The Problem with Pre-aggregated Metrics: Part 3, the "metrics"

This is the third of three posts focusing on the limitations of pre-aggregated metrics. The first one explained how, by pre-aggregating, you’re tightly constrained when trying to explore data or debug problems; the second one discussed how implementation and storage constraints further limit what you can do with rollups and time series.

Finally, we arrive at discussing “metrics.” Terminology in the data and monitoring space is incredibly overloaded, so for our purposes, “metrics” means: a single measurement, used to track and assess something over a period of time.

While simple to reason about (“this number is the overall error rate for my API”), the problem with metrics is just that—they’re individual, they’re isolated, they’re standalone dots in the big picture of your system. And looking at the progress of standalone datapoints over time means that, while you can get a sketch of reality over that time, you’re never really able to reconstruct reality to identify what really happened. (See Part 1: asking new questions)

This part-3-of-3 problem is the most subtle to explain of the bunch, so let’s work with some of our trusty examples. Using our datastore example from Part 1, let’s imagine that we’re tracking metrics across two main axes, the operation type (e.g. reads, increments, updates, etc) and namespace (this example will use “libdata”, “libmeta”, and “alltxns”):

statsd.timing(`db.op.${operation_type}.latency`)
statsd.timing(`db.ns.${namespace}.latency`)
statsd.timing(`db.op.${operation_type}.ns.${namespace}.latency`)`

(Note that statsd.timing captures percentiles, average (mean), stddev, sum, and lower/upper bounds for us.)

Well, but what if there’s some third attribute that really makes our datastore fall over? We could have just known ahead of time to store something like (db.op.${operation_type}.ns.${namespace}.q.${normalized_query}.latency)… but we already know from Part 1 that it’s a pain to have to anticipate problems ahead of time and manage all those separate metrics, and we know from Part 2 that there are practical limits to how many cross products we should store.

But real-life systems often do have lots of different things going on! Some attributes are highly likely to be worth partitioning by (e.g. hostname), while others might seem less immediately useful but are readily available and might come in handy someday (e.g. AWS instance type, availability zone, build version).

So—instead of carefully pruning which metrics to track and wasting time evaluating how important certain cross products are, sometimes it’s just easier to track a handful of available attributes, then just peek at a few representative events to see the relationships laid plain for us.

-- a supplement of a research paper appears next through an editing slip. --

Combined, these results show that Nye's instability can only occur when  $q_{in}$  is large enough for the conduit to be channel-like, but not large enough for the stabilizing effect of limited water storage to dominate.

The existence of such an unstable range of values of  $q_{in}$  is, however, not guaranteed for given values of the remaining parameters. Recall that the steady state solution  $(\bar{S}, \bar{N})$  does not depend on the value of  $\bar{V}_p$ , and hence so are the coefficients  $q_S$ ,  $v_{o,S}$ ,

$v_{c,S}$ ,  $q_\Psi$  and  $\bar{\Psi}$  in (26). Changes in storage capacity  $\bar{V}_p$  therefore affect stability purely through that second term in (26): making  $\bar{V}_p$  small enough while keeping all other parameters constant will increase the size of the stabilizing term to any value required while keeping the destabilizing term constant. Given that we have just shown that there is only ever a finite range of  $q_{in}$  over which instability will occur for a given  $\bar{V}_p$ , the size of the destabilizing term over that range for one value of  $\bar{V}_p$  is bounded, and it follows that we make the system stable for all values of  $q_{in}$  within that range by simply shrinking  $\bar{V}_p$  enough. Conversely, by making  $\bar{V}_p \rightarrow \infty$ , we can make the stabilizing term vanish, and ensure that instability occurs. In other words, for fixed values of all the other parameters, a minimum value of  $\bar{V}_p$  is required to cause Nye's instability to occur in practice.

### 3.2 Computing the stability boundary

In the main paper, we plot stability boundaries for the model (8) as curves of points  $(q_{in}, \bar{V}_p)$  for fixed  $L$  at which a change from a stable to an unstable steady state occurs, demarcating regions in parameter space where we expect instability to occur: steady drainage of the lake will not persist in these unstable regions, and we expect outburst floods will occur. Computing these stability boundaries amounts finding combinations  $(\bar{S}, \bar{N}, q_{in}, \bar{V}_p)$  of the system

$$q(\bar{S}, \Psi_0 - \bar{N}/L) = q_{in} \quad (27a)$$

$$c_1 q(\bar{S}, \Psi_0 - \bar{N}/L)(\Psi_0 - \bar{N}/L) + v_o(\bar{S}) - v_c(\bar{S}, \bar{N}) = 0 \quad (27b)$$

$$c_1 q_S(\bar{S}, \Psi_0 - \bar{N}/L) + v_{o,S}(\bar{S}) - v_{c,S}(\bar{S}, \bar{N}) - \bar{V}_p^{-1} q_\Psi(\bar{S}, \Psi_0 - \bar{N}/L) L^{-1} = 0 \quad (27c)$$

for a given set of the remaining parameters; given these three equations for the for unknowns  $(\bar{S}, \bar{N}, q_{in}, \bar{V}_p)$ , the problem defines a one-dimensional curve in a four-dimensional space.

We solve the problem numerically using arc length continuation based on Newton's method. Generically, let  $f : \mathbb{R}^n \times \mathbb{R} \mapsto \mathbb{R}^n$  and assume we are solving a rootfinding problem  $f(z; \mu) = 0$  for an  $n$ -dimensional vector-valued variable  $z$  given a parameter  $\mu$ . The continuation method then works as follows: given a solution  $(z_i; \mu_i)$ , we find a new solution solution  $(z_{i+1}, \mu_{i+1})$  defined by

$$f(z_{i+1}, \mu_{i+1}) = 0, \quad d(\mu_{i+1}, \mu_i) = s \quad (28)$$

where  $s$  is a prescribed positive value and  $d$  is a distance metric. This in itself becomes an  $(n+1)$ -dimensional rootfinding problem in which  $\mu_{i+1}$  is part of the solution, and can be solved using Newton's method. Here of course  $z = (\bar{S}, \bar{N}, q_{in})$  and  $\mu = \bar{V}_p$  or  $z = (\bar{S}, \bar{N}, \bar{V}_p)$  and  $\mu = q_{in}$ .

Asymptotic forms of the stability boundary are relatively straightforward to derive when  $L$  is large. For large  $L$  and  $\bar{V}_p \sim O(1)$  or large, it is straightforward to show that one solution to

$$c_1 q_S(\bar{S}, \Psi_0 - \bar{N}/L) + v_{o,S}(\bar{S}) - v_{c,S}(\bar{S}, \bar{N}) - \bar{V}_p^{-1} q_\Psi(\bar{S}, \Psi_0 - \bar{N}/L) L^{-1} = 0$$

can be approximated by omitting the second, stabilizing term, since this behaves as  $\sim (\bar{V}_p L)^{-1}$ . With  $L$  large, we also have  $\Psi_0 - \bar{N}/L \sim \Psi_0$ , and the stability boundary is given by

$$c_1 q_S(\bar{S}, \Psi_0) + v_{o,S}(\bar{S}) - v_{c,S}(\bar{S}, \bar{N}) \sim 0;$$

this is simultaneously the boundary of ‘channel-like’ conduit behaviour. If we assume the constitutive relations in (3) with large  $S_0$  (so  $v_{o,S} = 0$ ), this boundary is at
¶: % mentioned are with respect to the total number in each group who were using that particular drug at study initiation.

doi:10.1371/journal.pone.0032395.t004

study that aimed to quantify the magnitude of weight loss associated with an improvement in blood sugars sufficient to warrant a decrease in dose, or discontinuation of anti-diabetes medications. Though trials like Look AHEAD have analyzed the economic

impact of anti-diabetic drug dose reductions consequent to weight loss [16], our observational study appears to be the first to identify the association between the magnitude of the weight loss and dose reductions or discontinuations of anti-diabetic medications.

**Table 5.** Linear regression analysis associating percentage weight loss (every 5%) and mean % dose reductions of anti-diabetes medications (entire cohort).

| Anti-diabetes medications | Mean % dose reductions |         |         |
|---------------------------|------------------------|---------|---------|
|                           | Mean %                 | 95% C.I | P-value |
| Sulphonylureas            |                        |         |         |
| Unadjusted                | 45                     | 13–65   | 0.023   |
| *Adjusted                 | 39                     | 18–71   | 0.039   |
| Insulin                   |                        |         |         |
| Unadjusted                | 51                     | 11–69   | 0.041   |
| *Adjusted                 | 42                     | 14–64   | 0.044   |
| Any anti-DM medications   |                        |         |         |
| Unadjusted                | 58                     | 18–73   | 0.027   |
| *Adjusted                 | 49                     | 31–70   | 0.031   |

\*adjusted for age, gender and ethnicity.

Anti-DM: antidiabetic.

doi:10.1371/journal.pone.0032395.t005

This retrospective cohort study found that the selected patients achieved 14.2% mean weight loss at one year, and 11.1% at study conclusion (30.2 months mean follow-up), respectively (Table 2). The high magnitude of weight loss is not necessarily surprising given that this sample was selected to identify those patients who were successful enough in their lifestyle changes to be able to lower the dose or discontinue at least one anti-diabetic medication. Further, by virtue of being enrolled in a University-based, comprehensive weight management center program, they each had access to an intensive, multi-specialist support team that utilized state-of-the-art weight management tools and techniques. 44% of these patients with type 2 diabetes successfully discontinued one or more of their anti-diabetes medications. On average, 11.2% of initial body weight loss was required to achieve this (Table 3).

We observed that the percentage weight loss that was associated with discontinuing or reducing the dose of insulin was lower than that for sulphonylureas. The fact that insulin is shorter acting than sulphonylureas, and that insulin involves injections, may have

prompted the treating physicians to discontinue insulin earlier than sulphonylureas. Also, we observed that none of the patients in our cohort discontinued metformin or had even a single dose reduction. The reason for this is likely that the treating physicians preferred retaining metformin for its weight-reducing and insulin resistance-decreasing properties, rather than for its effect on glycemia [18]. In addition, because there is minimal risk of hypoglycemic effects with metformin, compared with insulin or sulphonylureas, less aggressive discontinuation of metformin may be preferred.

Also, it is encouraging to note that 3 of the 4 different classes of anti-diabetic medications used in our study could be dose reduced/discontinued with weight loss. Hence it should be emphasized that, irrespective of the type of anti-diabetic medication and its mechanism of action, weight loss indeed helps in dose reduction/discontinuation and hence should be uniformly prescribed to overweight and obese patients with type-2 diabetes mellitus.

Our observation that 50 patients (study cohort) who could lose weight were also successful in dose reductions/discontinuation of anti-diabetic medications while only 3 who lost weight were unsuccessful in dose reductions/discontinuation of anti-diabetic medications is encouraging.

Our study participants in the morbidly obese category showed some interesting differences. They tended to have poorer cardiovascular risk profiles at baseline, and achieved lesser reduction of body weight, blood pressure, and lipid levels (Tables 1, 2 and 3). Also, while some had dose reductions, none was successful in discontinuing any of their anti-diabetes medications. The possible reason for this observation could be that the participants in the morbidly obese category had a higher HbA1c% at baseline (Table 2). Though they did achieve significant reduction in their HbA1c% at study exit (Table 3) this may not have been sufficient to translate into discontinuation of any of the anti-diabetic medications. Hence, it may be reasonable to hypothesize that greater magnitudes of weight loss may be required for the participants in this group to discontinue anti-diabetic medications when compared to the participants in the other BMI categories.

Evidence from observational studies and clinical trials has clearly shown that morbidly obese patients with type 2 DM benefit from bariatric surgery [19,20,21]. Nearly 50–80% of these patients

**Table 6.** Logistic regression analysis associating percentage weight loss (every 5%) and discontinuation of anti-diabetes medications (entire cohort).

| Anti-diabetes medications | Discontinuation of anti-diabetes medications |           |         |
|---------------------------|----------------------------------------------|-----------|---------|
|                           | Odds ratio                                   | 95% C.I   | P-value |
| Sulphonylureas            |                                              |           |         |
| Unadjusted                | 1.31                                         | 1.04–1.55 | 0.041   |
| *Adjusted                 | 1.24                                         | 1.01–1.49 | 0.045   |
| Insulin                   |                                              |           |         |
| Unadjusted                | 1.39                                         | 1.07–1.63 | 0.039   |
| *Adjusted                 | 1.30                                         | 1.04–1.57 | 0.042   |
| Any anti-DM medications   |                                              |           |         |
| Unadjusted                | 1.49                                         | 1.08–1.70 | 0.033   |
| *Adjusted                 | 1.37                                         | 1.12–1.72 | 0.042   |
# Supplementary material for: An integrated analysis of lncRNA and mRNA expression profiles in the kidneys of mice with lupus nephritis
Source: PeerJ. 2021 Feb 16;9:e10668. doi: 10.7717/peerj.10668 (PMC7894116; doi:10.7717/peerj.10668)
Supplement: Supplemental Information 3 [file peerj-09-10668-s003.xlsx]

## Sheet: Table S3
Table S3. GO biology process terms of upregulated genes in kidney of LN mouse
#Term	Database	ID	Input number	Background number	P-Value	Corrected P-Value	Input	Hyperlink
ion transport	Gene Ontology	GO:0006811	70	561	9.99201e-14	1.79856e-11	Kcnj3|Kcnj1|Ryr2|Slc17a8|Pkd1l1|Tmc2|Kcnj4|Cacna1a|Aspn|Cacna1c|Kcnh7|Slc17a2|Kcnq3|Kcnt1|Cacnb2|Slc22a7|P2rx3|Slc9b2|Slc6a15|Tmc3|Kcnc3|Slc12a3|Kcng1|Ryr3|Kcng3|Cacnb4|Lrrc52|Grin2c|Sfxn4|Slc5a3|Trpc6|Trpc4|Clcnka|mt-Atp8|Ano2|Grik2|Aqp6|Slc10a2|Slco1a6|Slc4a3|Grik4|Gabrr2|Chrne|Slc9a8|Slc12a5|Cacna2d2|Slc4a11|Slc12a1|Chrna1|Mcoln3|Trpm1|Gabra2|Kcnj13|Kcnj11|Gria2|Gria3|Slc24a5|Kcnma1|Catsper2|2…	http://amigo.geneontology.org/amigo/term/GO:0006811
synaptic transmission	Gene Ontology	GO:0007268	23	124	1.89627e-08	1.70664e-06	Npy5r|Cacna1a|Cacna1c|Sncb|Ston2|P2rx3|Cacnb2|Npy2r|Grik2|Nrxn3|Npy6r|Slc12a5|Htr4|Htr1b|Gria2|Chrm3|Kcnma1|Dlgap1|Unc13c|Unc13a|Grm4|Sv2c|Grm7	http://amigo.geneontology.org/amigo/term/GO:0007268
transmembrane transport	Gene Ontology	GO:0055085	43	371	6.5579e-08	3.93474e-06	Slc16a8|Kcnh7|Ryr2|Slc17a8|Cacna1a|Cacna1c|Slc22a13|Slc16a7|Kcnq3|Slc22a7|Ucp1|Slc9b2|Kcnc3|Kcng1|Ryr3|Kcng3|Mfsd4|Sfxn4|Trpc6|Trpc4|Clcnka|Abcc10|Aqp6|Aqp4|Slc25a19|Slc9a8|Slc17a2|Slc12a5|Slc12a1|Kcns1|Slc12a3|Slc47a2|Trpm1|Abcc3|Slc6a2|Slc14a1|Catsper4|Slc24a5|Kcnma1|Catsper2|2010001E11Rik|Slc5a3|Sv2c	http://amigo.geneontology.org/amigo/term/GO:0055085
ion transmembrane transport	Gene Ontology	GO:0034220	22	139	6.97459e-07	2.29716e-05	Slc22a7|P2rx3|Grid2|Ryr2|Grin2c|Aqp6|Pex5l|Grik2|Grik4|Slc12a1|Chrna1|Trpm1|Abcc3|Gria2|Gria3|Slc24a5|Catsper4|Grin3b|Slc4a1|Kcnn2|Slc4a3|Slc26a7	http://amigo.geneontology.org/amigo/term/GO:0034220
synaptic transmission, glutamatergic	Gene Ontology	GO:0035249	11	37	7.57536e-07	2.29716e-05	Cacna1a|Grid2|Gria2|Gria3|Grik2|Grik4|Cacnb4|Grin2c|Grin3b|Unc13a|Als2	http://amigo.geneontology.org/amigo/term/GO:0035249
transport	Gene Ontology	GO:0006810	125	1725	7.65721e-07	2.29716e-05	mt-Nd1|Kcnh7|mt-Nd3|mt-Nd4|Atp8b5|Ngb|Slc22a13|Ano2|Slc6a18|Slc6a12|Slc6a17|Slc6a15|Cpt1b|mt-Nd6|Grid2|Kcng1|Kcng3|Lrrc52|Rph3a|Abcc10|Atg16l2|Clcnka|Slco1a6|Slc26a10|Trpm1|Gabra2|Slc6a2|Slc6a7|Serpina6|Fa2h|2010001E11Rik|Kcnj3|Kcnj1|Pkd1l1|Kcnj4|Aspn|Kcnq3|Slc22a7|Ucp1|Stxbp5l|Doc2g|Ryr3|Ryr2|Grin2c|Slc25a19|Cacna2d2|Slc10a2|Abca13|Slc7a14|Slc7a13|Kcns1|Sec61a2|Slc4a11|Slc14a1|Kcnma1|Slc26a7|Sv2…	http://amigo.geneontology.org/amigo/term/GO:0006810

In other words, rather than having to look at a bunch of disparate graphs and try to line up anomalies:

Graphing a bunch of different metrics next to each other

and trying to visually correlate trends (presumably increments on alltxns are correlated with an increase in latency, above), sometimes it’s just straight-up easier to look at some anomaly by saying, “Show me the events that’re causing the latency go so much higher above the average”:

Somehow isolating events that contribute to the increase in an AVG() stat

Metrics, once captured, mean that this sort of question is impossible to answer. You can’t go back and reconstruct reality from rollups; you can’t ask for just the events that caused the average latency to increase. With Honeycomb, though, you can iterate like this pretty trivially:

Going from an overall AVG(latency_ms) to a P95(latency_ms) where latency_ms > the previous AVG, broken down by op
(On the left, we look at overall latency to get a sense of what our datastore is doing; On the right, we take that information—the average latency is 98.1135ms -- toss it into a 'latency_ms > 98.1135' filter, and use P95 because we're more interested in the outliers.)

Or, if you like, now that you’ve defined a filter like latency_ms > 76.76, you can drop down and see the raw events and the relationships they contain.

Obligatory Data Mode shot
Boy, that particular type of read on libdata sure looks nasty

Looking at these, we now have a much better idea of patterns like “we only ever perform increments on libmeta (boring!), but alltxns receives updates, increments, and reads”—more directly and easily than staring at reality through the very small, narrow lenses of individual metrics over time.

With so many things in motion, sometimes just seeing how various attributes are related to each other is more valuable than having to infer it from graphs.

And, ultimately, because we’re visual creatures, Honeycomb makes it easy to pop back from data mode into visual mode, and ask just the right question to confirm our hunch:

The right combination of attributes to find reality with Honeycomb

Note: it’s true, detractors will absolutely be able to construct scenarios in which the visually-correlating-trends approach is enough, but that approach relies so heavily on things going wrong in predictable ways or clues in low-cardinality fields that we remain highly skeptical.

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For more illustrated examples of using Honeycomb to explore database data, check out our other database posts—or just sign up and get started today!

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